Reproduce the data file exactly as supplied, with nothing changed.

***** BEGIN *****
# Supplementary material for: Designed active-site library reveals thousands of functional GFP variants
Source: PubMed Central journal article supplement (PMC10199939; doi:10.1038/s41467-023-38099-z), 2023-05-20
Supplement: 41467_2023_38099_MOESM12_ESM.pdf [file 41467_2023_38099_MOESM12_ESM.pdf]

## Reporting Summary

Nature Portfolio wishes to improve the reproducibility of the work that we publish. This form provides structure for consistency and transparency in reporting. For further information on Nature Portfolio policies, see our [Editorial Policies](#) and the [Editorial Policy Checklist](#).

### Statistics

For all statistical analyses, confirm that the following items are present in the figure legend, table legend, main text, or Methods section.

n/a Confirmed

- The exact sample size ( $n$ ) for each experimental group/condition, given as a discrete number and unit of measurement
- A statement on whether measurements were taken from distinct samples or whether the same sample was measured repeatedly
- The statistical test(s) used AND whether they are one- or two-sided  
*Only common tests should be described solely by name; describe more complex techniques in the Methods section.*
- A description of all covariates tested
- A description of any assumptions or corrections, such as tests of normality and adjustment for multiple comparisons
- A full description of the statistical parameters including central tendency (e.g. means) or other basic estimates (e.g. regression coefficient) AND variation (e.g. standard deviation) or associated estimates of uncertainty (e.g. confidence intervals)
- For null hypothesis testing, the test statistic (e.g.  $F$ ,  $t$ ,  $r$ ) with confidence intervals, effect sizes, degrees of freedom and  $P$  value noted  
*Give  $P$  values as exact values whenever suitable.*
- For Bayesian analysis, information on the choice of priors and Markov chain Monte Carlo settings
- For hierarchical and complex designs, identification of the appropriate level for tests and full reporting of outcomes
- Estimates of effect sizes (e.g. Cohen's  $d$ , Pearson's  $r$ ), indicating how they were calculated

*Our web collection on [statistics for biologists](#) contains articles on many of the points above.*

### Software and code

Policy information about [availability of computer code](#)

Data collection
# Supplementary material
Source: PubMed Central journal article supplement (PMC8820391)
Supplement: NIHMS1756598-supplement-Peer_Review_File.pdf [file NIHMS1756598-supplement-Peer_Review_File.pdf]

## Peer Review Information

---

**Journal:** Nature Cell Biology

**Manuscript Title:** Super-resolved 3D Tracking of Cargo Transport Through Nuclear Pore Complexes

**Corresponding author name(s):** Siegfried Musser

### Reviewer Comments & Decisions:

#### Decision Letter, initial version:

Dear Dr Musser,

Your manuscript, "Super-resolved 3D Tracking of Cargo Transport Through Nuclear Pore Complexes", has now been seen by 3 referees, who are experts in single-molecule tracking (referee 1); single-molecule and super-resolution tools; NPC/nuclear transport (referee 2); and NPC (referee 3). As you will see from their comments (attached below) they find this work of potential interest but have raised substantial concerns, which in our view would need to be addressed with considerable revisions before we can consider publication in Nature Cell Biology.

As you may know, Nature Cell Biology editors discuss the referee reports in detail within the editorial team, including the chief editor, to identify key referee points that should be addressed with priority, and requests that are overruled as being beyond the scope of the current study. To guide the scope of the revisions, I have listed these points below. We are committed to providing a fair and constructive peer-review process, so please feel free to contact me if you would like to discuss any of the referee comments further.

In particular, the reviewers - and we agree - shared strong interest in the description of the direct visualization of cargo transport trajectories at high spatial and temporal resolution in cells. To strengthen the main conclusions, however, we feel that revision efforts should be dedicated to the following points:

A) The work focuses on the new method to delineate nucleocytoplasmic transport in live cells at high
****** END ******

# Supplementary material for: Designed active-site library reveals thousands of functional GFP variants
Source: PubMed Central journal article supplement (PMC10199939; doi:10.1038/s41467-023-38099-z), 2023-05-20
Supplement: 41467_2023_38099_MOESM12_ESM.pdf [file 41467_2023_38099_MOESM12_ESM.pdf]

## Reporting Summary

Nature Portfolio wishes to improve the reproducibility of the work that we publish. This form provides structure for consistency and transparency in reporting. For further information on Nature Portfolio policies, see our [Editorial Policies](#) and the [Editorial Policy Checklist](#).

### Statistics

For all statistical analyses, confirm that the following items are present in the figure legend, table legend, main text, or Methods section.

n/a Confirmed

- The exact sample size ( $n$ ) for each experimental group/condition, given as a discrete number and unit of measurement
- A statement on whether measurements were taken from distinct samples or whether the same sample was measured repeatedly
- The statistical test(s) used AND whether they are one- or two-sided  
*Only common tests should be described solely by name; describe more complex techniques in the Methods section.*
- A description of all covariates tested
- A description of any assumptions or corrections, such as tests of normality and adjustment for multiple comparisons
- A full description of the statistical parameters including central tendency (e.g. means) or other basic estimates (e.g. regression coefficient) AND variation (e.g. standard deviation) or associated estimates of uncertainty (e.g. confidence intervals)
- For null hypothesis testing, the test statistic (e.g.  $F$ ,  $t$ ,  $r$ ) with confidence intervals, effect sizes, degrees of freedom and  $P$  value noted  
*Give  $P$  values as exact values whenever suitable.*
- For Bayesian analysis, information on the choice of priors and Markov chain Monte Carlo settings
- For hierarchical and complex designs, identification of the appropriate level for tests and full reporting of outcomes
- Estimates of effect sizes (e.g. Cohen's  $d$ , Pearson's  $r$ ), indicating how they were calculated

*Our web collection on [statistics for biologists](#) contains articles on many of the points above.*

### Software and code

Policy information about [availability of computer code](#)

Data collection
# Supplementary material
Source: PubMed Central journal article supplement (PMC8820391)
Supplement: NIHMS1756598-supplement-Peer_Review_File.pdf [file NIHMS1756598-supplement-Peer_Review_File.pdf]

## Peer Review Information

---

**Journal:** Nature Cell Biology

**Manuscript Title:** Super-resolved 3D Tracking of Cargo Transport Through Nuclear Pore Complexes

**Corresponding author name(s):** Siegfried Musser

### Reviewer Comments & Decisions:

#### Decision Letter, initial version:

Dear Dr Musser,

Your manuscript, "Super-resolved 3D Tracking of Cargo Transport Through Nuclear Pore Complexes", has now been seen by 3 referees, who are experts in single-molecule tracking (referee 1); single-molecule and super-resolution tools; NPC/nuclear transport (referee 2); and NPC (referee 3). As you will see from their comments (attached below) they find this work of potential interest but have raised substantial concerns, which in our view would need to be addressed with considerable revisions before we can consider publication in Nature Cell Biology.

As you may know, Nature Cell Biology editors discuss the referee reports in detail within the editorial team, including the chief editor, to identify key referee points that should be addressed with priority, and requests that are overruled as being beyond the scope of the current study. To guide the scope of the revisions, I have listed these points below. We are committed to providing a fair and constructive peer-review process, so please feel free to contact me if you would like to discuss any of the referee comments further.

In particular, the reviewers - and we agree - shared strong interest in the description of the direct visualization of cargo transport trajectories at high spatial and temporal resolution in cells. To strengthen the main conclusions, however, we feel that revision efforts should be dedicated to the following points:

A) The work focuses on the new method to delineate nucleocytoplasmic transport in live cells at high